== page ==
Natural Treatment of Acne in Vermont
Acne is a common inflammatory skin disease that is thought to occur as a result of interactions between hormones, sebum, and bacteria. It begins at puberty and generally spontaneously resolves in early adulthood, although in some it persists throughout life.
Conventional treatment includes topical benzoyl peroxide and oral or topical vitamin A analogues (Retin-A) and antibiotics (doxycycline, minocycline).
Natural treatment of acne first and foremost focuses on identifying the underlying cause of the problem, which is most often food allergies and/or excess sugar and flour intake.
Food Allergy/Intolerance in Acne Treatment
While most current medical texts deny there is a connection between diet and acne, numerous studies dating back to the 1930’s and 40’s have identified that food allergy and sensitivity is a major contributor to acne in some people. My personal experience from treating people with acne is that food allergy/intolerance is a frequent contributor.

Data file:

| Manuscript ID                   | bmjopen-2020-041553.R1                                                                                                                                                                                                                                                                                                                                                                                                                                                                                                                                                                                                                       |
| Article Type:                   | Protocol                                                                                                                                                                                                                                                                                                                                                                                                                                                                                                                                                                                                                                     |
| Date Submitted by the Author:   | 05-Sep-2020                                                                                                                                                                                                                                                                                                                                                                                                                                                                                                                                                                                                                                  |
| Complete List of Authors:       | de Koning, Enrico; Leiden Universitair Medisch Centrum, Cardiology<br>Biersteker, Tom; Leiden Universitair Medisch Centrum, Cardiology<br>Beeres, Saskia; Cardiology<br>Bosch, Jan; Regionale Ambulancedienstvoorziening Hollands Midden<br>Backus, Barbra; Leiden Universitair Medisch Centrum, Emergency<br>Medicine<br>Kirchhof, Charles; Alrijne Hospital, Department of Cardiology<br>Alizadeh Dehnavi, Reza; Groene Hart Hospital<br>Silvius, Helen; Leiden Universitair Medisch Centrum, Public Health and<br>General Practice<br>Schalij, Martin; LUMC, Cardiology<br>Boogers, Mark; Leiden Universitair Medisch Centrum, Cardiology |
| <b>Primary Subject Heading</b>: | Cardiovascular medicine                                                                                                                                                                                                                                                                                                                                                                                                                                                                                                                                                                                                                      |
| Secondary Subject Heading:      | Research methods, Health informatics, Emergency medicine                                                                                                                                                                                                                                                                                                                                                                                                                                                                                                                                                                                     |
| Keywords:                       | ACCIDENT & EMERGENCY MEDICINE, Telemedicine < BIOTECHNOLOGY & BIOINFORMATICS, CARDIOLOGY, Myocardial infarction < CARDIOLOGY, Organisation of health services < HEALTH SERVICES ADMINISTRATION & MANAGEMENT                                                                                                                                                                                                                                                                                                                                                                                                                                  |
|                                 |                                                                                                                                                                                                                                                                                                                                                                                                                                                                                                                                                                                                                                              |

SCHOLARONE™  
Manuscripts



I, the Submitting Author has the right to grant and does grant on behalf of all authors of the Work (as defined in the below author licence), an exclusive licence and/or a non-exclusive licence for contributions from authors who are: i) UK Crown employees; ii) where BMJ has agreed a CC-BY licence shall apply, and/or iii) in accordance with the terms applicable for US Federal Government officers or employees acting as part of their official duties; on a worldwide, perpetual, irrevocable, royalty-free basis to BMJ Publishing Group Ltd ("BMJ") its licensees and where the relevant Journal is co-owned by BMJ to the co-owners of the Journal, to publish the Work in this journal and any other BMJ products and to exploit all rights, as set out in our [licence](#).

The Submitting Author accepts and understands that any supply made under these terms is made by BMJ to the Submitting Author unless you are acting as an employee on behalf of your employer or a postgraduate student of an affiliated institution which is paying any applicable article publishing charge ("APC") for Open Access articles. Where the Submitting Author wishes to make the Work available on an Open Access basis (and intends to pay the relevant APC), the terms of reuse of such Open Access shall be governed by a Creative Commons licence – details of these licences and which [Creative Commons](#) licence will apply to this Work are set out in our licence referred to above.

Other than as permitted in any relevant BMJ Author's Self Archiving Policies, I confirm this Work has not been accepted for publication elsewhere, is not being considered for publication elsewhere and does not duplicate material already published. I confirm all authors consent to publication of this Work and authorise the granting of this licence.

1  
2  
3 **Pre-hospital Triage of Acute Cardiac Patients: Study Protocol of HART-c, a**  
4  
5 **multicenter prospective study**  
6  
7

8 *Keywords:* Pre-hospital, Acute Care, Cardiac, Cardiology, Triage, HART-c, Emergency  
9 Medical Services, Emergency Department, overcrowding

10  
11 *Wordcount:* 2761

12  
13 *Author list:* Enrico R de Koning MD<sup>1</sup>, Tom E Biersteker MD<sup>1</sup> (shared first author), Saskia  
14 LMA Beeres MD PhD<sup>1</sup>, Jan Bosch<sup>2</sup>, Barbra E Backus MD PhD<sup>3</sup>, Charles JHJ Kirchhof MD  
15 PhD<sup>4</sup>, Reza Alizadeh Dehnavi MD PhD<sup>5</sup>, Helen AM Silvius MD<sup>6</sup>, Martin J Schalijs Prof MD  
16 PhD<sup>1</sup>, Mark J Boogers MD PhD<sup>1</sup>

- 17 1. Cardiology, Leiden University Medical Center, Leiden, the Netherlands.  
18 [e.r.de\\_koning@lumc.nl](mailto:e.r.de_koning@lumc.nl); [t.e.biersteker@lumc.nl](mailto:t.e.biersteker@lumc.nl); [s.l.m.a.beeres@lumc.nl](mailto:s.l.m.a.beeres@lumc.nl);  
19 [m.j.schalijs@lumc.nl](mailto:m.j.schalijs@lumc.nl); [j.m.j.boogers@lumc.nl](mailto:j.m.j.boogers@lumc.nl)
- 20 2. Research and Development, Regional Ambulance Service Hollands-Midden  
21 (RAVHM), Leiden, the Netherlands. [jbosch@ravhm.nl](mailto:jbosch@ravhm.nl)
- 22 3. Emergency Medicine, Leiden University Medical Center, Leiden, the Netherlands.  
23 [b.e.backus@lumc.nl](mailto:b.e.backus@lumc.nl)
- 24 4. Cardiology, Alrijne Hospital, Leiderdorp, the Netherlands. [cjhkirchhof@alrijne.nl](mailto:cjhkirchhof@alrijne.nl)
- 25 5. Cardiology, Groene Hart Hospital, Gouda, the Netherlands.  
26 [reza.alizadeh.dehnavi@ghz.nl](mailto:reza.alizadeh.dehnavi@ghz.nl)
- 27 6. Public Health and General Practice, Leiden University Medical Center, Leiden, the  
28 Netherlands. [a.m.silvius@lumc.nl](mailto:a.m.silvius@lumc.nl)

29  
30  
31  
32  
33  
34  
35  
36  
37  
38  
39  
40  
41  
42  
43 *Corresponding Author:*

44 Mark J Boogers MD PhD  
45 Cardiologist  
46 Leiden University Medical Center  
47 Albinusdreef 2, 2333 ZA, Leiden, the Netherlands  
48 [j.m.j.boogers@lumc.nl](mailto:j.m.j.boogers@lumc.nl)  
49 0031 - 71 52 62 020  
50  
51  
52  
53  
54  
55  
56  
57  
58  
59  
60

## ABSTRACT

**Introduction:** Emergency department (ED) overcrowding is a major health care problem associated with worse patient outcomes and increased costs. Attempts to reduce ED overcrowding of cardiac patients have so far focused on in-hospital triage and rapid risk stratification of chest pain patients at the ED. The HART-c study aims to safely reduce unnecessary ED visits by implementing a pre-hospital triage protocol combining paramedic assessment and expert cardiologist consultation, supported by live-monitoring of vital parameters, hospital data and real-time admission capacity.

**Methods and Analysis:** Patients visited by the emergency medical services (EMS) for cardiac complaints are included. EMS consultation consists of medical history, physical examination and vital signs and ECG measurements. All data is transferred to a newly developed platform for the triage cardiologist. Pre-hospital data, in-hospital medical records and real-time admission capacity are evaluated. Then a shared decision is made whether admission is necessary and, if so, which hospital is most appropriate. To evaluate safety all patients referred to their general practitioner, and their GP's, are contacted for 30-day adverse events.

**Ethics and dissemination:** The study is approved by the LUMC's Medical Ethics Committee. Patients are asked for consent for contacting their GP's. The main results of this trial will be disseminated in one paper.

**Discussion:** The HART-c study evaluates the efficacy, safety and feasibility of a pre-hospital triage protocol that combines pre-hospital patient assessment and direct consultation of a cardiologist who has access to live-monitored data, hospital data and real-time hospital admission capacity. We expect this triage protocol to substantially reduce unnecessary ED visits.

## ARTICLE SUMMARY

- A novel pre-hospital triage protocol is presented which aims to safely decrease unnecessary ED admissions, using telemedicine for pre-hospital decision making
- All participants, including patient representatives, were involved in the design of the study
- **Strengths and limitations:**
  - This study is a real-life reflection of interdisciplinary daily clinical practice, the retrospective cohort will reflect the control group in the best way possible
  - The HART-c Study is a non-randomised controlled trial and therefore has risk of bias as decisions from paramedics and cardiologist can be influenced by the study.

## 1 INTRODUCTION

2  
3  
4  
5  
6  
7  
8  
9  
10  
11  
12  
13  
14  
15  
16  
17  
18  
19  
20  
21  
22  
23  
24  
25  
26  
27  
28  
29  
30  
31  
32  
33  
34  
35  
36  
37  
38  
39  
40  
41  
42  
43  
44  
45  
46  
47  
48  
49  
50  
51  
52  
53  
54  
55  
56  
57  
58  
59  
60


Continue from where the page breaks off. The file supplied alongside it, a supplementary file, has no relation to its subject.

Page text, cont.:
Food allergies occur when the immune system reacts to foods in the same way it would to a foreign bacteria. The most common allergens are dairy, gluten, and eggs. Other common allergens include beans, peanuts, corn, yeast, chocolate, and nightshades (potato, tomato, pepper, eggplant). The list of potentially allergic foods, however, includes pretty much everything a person eats. The more frequently a food is eaten, the more likely it is to be a food allergen.
While most people think of a food allergy as an immediate, severe reaction such as when someone eats a peanut or strawberry and can’t breathe, this reaction is relatively rare compared to the much more common delayed allergic reaction. Delayed reactions can occur anywhere from a few minutes to a couple days after eating the allergic food. The reaction is generally much more insidious, and can include things such as asthma, eczema, psoriasis, arthritis, ear infections, sinusitis, irritable bowel, inflammatory bowel disease, anxiety, depression, fatigue, hyperactivity, obesity, and post nasal drip. Most often people with delayed allergies don’t realize they are allergic because of this and because they may be eating a variety of food allergens frequently.